nonterminals, and NAME is a name of this production. Given a grammar
one can define an abstract base class for each nonterminal derive
concrete classes from it, one class for each production of a given
nonterminal.


Let me rewrite your grammar to shorten the nonterminals' names and
introduce productions' names:


MultExpr -> PmExpr /* MultExprSimple */
MultExpr -> MultExpr MultOp PmExpr /* MultExprBinary */
MultOp -> '*'
MultOp -> '/'
MultOp -> '%/
AddExpr -> MultExpr /* AddExprMult */
AddExpr -> AddExpr AddOp MultExpr /* AddExprBinary */
AddOp -> '+'
AddOp -> '-'


This grammar translates to


struct MultExpr { ... };
struct MultExprSimple : public MultExpr {
PmExpr* pm;
};
struct MultExprBinary : public MultExpr {
MultExpr* left; MultOp* op; MultExpr *right;
};
struct AddExpr { ... };
struct AddExprMult : public AddExpr {
MultExpr* mult;
};
struct AddExprBinary : public AddExpr {
AddExpr* left; AddOp* op; MultExpr* right;
};


// Virtual destructors in base classes and all functions
// implemented in-tree (e.g. PrintOn()) or visitation support
// (e.g. Accept()) are omitted for brevity.


In this implementation inheritance serves as a way to implement
discriminated union (co-product) of alternatives defined by multiple
productions of the same nonterminal.


In most applications trees rooted in AddOp and AddMult nodes need not
carry any modifiable information. Moreover, they are always of the same
height, so it makes a lot of sense to reimplement them using just a
value
type, e.g.:


struct AddExprBinary : public AddExpr {
AddExpr* left; AddOp op; MultExpr* right;
};


// where AddOp is a value type, e.g. int, char, enum, or user-defined
// type with value semantics.


The most twisted point of such approach is the existence of productions


having only one nonterminal on rhs (linear productions), e.g.


AddExpr -> MultExpr /* AddExprMult */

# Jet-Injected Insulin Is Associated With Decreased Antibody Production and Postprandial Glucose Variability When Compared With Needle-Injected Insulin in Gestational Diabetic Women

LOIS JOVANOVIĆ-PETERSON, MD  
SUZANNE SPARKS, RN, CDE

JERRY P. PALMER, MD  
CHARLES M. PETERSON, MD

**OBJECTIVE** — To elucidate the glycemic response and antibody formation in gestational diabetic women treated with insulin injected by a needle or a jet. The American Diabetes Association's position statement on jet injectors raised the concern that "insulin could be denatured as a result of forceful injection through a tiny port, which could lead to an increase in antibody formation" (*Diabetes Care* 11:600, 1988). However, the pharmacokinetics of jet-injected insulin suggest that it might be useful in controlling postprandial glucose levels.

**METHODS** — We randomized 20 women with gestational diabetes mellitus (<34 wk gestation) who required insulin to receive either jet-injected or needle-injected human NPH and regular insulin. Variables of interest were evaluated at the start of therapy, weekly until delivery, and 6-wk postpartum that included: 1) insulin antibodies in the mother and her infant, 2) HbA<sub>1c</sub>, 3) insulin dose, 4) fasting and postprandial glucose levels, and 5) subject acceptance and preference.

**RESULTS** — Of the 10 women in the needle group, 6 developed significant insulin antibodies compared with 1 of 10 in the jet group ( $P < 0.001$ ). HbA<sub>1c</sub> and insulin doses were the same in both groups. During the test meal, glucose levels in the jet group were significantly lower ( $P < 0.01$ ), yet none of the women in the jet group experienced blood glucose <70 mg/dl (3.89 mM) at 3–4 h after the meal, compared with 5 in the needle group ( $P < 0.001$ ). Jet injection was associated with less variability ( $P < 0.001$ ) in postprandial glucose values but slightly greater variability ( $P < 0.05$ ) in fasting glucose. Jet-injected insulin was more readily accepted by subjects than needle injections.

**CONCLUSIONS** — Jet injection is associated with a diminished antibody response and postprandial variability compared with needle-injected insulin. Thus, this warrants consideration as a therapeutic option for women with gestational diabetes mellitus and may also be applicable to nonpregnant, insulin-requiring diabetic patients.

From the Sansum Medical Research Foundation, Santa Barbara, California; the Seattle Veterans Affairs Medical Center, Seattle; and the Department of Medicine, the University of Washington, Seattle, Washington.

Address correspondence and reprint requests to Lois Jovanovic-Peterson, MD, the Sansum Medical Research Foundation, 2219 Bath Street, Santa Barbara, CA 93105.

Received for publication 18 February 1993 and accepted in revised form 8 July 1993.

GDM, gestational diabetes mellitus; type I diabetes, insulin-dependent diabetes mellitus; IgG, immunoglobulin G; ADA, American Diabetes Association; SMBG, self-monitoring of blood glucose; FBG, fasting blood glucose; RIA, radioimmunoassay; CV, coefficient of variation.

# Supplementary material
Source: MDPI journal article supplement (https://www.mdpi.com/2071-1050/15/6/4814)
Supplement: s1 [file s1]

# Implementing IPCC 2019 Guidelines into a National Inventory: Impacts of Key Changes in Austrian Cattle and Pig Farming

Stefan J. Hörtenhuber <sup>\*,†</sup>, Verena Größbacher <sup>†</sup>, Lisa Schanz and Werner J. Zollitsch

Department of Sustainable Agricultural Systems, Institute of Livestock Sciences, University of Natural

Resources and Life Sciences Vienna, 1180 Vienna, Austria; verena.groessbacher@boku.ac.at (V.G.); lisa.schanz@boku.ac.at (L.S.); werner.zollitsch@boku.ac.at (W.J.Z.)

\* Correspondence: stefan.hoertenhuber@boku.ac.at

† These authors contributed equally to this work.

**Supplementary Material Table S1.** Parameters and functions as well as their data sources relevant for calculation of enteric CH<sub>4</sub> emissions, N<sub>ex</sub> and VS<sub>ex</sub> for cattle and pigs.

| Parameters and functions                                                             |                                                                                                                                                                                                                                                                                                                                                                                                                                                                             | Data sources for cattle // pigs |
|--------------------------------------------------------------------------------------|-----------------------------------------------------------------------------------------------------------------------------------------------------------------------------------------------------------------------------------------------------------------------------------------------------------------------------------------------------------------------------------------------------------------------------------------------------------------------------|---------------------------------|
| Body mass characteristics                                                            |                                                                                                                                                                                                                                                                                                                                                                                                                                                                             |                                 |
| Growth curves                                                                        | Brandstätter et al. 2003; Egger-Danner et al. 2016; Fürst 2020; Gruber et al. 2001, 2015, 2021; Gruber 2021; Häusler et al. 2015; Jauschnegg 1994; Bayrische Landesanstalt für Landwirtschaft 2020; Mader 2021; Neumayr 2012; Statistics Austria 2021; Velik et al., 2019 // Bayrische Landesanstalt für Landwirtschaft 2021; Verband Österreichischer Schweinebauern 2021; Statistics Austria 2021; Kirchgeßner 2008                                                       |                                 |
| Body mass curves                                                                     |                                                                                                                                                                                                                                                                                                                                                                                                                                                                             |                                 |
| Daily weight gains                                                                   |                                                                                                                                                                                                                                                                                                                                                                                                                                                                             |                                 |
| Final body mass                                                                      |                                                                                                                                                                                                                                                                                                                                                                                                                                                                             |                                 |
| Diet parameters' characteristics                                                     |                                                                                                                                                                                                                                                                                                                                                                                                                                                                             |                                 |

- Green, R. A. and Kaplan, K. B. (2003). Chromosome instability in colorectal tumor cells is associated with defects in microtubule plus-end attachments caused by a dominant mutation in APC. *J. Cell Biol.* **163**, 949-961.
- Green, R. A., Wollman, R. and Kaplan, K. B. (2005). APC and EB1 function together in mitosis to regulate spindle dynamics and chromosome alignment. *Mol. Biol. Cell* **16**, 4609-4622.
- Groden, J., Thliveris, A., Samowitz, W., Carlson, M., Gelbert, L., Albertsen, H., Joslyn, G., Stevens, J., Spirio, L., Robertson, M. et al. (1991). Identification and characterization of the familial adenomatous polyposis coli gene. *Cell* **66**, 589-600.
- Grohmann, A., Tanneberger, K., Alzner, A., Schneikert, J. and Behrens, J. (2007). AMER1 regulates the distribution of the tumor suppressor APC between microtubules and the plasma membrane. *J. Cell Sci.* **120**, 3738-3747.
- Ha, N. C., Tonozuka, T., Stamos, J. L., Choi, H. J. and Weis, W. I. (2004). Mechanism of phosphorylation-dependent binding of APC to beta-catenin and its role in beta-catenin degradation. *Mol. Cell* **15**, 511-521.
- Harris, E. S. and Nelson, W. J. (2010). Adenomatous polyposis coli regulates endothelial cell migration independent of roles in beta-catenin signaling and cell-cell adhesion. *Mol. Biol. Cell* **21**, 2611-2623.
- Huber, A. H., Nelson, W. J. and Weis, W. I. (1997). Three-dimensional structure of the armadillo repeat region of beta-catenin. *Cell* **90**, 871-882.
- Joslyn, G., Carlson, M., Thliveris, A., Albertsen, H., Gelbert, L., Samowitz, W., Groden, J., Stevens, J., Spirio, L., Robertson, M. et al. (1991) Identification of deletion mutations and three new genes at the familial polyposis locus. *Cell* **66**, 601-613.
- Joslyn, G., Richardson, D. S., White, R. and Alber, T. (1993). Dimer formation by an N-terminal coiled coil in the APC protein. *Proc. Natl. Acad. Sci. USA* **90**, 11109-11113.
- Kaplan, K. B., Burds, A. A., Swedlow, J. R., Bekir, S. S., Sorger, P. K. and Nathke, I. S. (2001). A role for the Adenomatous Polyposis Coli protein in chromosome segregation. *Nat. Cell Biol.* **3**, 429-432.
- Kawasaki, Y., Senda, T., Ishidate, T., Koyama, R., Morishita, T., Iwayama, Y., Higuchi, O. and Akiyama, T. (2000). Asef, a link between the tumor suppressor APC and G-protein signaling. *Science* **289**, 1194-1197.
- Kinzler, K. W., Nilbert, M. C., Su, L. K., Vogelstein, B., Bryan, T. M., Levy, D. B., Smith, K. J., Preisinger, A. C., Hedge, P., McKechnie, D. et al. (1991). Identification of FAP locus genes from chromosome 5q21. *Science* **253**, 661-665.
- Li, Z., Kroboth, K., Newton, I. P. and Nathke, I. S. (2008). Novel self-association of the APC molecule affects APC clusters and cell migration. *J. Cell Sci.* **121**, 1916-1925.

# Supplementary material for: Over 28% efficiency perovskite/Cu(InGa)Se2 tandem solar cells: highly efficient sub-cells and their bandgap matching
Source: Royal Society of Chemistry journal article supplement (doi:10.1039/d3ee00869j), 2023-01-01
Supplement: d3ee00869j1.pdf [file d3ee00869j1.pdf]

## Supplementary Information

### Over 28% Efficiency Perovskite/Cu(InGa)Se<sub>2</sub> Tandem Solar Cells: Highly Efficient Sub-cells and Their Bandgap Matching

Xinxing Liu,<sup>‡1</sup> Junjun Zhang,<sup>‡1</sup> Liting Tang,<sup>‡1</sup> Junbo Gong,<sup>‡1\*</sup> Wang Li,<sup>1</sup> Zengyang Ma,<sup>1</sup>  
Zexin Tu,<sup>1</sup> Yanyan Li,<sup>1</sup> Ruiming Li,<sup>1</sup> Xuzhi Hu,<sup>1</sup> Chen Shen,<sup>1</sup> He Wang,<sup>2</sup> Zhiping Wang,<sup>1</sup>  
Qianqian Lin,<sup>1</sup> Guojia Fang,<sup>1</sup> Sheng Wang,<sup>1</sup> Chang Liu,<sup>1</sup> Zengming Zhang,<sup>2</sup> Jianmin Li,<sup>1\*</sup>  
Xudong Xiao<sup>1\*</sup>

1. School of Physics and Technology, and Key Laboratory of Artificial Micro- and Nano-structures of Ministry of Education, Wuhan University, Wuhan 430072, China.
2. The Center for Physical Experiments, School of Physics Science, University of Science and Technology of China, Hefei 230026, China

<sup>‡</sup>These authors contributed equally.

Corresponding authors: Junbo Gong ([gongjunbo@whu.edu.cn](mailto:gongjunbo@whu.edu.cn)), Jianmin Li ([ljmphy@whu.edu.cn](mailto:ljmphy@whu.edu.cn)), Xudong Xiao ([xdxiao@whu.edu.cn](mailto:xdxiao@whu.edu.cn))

the trick is that instead of implementing AddExprMult class
carying just a pointer to MultExpr:


struct AddExprMult : public AddExpr {
MultExpr* mult;
};


+-------+
|AddExpr|
+-------+
A
+-----+-------+
| |
+--------+ +-----------+ ...
|MultExpr|<----|AddExprMult|
+--------+ +-----------+
A
...




one may just move derivatives of MultExpr to become derivatives
of AddExpr by collapsing MultExpr and AddExprMult classes:




+-------+
|AddExpr|
+-------+
A
+-----+-------+
| |
+---------+ ...
|MultExpr |
+---------+
A
...


After such transformation implementation of the tree would look like
this:


struct AddExpr { ... };
struct AddExprBinary : public AddExpr {
AddExpr* left; AddOp* op; MultExpr* right;
};
struct MultExpr : public AddExpr { ... }
struct PmExpr : public MultExpr { ... };
struct MultExprBinary : public MultExpr {
MultExpr* left; MultOp* op; MultExpr *right;
};


This transformation is neither always possible (e.g. cannot be fully
applied in grammar having both "A->B" and "B->A" productions), nor
always desirable (my experience is that it obfuscates visitation).


The above way of implementing syntax tree is by no means universal or
best. There are other ways, e.g. generic implementation of a tree
using only untyped binary nodes. I also know at least two hybrid
aproaches, that mix generic, untyped implementation with some form of
Composite pattern (W3C DOM and OpenC++ AST).


HTH
Grzegorz


[1] Sutter "Exceptional C++" has in-depth discussion on when (and when
not) to use public inheritance in C++. See also Robert Martin's papers
on Liskov Subsitution Principle (available on the net or in print in
"Agile Software Development").


[2] Gamma, Helm, Johnson, Vlissides "Design Patterns", especially
chapters about Composite and Visitor.